In conjunction with knowing that some people were not "safe" for me, (again, see previous post) I intuitively knew which friends would embrace the new reality and which friendships - if that's what they were - could not be salvaged because those people were not willing to accept my newly discovered boundaries.  It was hard to let go of them.  But I gained so much more by letting go.  Self-respect for one. And my new and renewed relationships are more and more with equal partners - no superiority or inferiority complex to pussy-foot around.  (Theirs or mine.)

My measuring stick

All my life, I had measured myself based on what others thought about me, how much they liked or didn't like me, what people might or might not say to me or behind my back.  The numbers on my stick (like a see-through ruler) were all facing away from me as I allowed others to define what was acceptable.  The problem with the numbers facing away from me was that they were backwards and went in the wrong direction.  When I turned those numbers around, through discovering who I really was and starting to nurture that person, a lot changed for me.  I found that I could stand up and say what I needed.  I found that I could say what I felt without feeling guilty - surprisingly people didn't think less of me anyway - and the end result was that I felt more comfortable inside my own skin.  I discovered that it was okay to feel what I felt; I didn't have to stuff my emotions down inside of me and deny their existence, or mask or drown them with addictions that numbed how I was truly feeling.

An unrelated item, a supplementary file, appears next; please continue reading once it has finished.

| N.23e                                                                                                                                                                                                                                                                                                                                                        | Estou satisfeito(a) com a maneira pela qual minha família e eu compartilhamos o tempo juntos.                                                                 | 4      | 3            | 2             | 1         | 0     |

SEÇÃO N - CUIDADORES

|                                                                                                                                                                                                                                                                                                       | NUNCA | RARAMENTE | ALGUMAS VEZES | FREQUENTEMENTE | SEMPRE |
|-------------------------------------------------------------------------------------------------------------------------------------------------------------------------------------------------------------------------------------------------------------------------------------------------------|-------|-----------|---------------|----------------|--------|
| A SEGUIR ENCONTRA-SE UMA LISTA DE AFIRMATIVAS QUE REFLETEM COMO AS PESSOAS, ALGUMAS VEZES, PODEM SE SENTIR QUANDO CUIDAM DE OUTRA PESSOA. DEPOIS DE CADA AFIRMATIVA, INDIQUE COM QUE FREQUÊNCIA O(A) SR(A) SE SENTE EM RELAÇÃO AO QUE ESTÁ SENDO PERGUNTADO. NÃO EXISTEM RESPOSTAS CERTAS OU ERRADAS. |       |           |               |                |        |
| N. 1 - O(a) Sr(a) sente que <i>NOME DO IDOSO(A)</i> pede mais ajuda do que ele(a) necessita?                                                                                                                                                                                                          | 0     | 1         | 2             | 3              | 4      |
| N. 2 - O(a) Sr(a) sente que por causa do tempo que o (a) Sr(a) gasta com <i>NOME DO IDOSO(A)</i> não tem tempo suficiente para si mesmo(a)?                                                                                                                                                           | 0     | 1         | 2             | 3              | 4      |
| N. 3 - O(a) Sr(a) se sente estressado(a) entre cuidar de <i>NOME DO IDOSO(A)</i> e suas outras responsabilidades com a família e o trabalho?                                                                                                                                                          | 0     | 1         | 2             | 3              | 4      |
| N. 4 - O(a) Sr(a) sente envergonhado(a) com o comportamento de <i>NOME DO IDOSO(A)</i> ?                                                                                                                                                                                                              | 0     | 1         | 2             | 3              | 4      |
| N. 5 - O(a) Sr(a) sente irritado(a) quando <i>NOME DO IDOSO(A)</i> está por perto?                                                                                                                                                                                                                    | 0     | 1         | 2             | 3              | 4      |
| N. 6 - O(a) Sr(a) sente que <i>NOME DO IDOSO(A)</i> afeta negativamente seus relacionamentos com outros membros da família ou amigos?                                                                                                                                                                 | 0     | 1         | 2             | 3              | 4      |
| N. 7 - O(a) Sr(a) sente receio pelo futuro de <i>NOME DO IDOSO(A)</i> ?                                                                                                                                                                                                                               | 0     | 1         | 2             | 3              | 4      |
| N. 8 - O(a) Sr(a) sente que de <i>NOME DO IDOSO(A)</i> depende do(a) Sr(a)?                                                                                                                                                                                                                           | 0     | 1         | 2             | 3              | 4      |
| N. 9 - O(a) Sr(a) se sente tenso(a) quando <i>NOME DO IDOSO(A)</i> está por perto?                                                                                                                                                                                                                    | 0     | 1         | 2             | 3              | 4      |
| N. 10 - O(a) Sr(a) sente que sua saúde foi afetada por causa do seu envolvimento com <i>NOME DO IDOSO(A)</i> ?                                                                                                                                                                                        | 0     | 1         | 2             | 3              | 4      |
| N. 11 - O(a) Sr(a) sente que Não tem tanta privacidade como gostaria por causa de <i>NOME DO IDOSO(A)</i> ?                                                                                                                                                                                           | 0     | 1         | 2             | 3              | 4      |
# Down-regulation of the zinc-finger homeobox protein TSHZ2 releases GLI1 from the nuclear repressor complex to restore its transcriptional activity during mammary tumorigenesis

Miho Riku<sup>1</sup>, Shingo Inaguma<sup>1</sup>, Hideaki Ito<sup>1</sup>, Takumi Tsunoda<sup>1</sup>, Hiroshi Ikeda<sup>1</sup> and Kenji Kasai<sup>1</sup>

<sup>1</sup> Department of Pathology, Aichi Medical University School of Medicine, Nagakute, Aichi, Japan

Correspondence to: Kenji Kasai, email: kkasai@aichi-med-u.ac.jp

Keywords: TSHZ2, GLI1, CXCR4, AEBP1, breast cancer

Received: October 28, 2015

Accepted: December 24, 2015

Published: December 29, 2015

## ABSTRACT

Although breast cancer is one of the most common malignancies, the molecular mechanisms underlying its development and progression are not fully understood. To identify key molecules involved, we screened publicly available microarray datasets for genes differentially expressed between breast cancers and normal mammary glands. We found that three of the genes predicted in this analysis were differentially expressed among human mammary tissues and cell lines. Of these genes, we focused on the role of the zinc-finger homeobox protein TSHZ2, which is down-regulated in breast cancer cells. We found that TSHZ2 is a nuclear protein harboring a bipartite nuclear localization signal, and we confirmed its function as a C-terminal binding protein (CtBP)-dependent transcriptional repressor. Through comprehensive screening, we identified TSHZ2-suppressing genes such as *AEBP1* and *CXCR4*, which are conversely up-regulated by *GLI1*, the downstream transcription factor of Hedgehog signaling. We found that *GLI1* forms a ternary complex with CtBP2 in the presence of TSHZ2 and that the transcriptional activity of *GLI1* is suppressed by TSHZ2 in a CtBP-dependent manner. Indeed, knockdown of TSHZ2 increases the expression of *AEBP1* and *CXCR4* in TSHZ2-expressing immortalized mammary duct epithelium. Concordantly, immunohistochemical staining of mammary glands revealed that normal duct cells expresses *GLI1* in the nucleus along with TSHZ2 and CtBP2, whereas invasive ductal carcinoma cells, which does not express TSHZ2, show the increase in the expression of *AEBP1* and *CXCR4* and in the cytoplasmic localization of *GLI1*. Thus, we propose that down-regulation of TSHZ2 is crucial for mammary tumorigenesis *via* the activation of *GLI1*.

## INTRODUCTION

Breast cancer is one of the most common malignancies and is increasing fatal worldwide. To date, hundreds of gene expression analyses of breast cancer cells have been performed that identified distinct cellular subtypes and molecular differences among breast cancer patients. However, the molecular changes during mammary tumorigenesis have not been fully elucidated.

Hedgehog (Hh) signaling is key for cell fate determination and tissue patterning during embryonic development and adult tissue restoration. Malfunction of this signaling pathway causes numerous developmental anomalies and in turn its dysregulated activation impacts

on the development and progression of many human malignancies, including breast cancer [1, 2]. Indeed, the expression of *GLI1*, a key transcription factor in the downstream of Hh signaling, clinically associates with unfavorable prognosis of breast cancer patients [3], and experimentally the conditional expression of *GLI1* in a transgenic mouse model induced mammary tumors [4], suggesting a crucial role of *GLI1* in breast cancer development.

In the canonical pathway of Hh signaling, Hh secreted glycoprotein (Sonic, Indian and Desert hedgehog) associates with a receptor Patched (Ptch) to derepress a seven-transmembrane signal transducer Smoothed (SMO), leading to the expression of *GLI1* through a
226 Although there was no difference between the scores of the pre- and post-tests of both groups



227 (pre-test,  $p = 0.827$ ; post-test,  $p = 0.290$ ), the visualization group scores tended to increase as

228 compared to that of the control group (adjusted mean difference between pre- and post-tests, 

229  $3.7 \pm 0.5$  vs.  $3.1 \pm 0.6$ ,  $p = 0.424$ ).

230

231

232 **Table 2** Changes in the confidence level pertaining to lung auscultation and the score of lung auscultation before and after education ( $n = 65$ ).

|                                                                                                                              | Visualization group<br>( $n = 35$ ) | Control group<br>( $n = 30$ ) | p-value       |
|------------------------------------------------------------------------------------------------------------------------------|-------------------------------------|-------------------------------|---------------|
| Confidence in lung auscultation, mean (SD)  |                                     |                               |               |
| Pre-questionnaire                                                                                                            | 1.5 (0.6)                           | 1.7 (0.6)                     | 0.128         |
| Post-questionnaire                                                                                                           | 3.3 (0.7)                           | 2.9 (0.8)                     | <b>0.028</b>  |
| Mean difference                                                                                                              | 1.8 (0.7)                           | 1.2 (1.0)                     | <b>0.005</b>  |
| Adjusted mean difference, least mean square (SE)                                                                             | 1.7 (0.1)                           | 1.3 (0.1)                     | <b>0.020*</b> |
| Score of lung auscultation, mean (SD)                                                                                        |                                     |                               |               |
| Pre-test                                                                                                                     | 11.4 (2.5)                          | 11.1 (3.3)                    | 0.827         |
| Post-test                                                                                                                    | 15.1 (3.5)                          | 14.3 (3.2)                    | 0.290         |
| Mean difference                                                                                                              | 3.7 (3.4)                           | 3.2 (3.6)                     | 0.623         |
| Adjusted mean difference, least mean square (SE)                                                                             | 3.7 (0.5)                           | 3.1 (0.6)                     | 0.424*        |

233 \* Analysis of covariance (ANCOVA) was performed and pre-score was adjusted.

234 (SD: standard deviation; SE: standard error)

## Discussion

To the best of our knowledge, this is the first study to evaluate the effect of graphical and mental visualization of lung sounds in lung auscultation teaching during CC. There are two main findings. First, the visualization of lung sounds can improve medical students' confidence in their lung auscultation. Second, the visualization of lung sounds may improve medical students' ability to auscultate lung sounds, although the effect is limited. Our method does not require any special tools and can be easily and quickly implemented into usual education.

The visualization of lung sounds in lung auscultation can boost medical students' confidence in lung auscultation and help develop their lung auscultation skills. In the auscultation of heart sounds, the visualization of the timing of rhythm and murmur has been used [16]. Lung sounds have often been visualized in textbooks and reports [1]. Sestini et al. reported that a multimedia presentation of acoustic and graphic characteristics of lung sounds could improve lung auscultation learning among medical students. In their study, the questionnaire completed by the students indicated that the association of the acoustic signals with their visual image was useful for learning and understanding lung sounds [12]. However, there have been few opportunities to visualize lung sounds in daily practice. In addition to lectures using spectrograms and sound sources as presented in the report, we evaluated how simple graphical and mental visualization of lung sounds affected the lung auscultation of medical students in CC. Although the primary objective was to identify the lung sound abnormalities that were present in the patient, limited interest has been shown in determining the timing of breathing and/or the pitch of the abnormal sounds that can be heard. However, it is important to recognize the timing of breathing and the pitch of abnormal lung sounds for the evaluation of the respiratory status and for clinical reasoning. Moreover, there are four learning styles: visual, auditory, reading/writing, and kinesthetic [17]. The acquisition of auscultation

When I turned the numbers around, I was able to be honest with myself and to own up to my mistakes, to be strident and take responsibility for the (sometimes far-reaching) consequences of my previous actions.  I could see how my wrong behavior had hurt others and I was able to confess that to people and watch miracle after miracle take place as the power of truth liberated me to be who I truly was, and liberated them as they forgave.

I also started to learn (in figuring out where I stopped and others started - and vice versa) to give people the space they needed to figure things out on their own and not feel obligated to tell them what was what, what they were doing wrong and how to fix it.   

My light level

By 'light' in this context, I am referring to my attitude.  As I learned to (slowly) love myself in a healthy way, I was faced with a choice - to see each experience (pardon the cliché) as the glass being half-empty (which was my previous "light level") or half-full.  To enjoy the good, to enjoy today, to not regret the past or worry about the future.  

The word "gratitude" has taken on new meaning for me.  It's not only something that I do once a year at Thanksgiving; it's an ever-expanding way of life.  Seeing difficulties and obstacles as opportunities for growth.  Seeing trials as life-lessons in humility and (yes, I'll say it) patience.  And fully joying in experiences that make me sigh a happy little sigh and say, "Life's good,"  without sabotaging it by saying with one eyebrow raised in skepticism, "Wonder how long THAT will last..."  I've been happier and more content, more frequently since February 2009 than I had been in my whole life up until that point.  That has to say something right there.

One thing's sure.  It's never boring.

No comments:

Post a Comment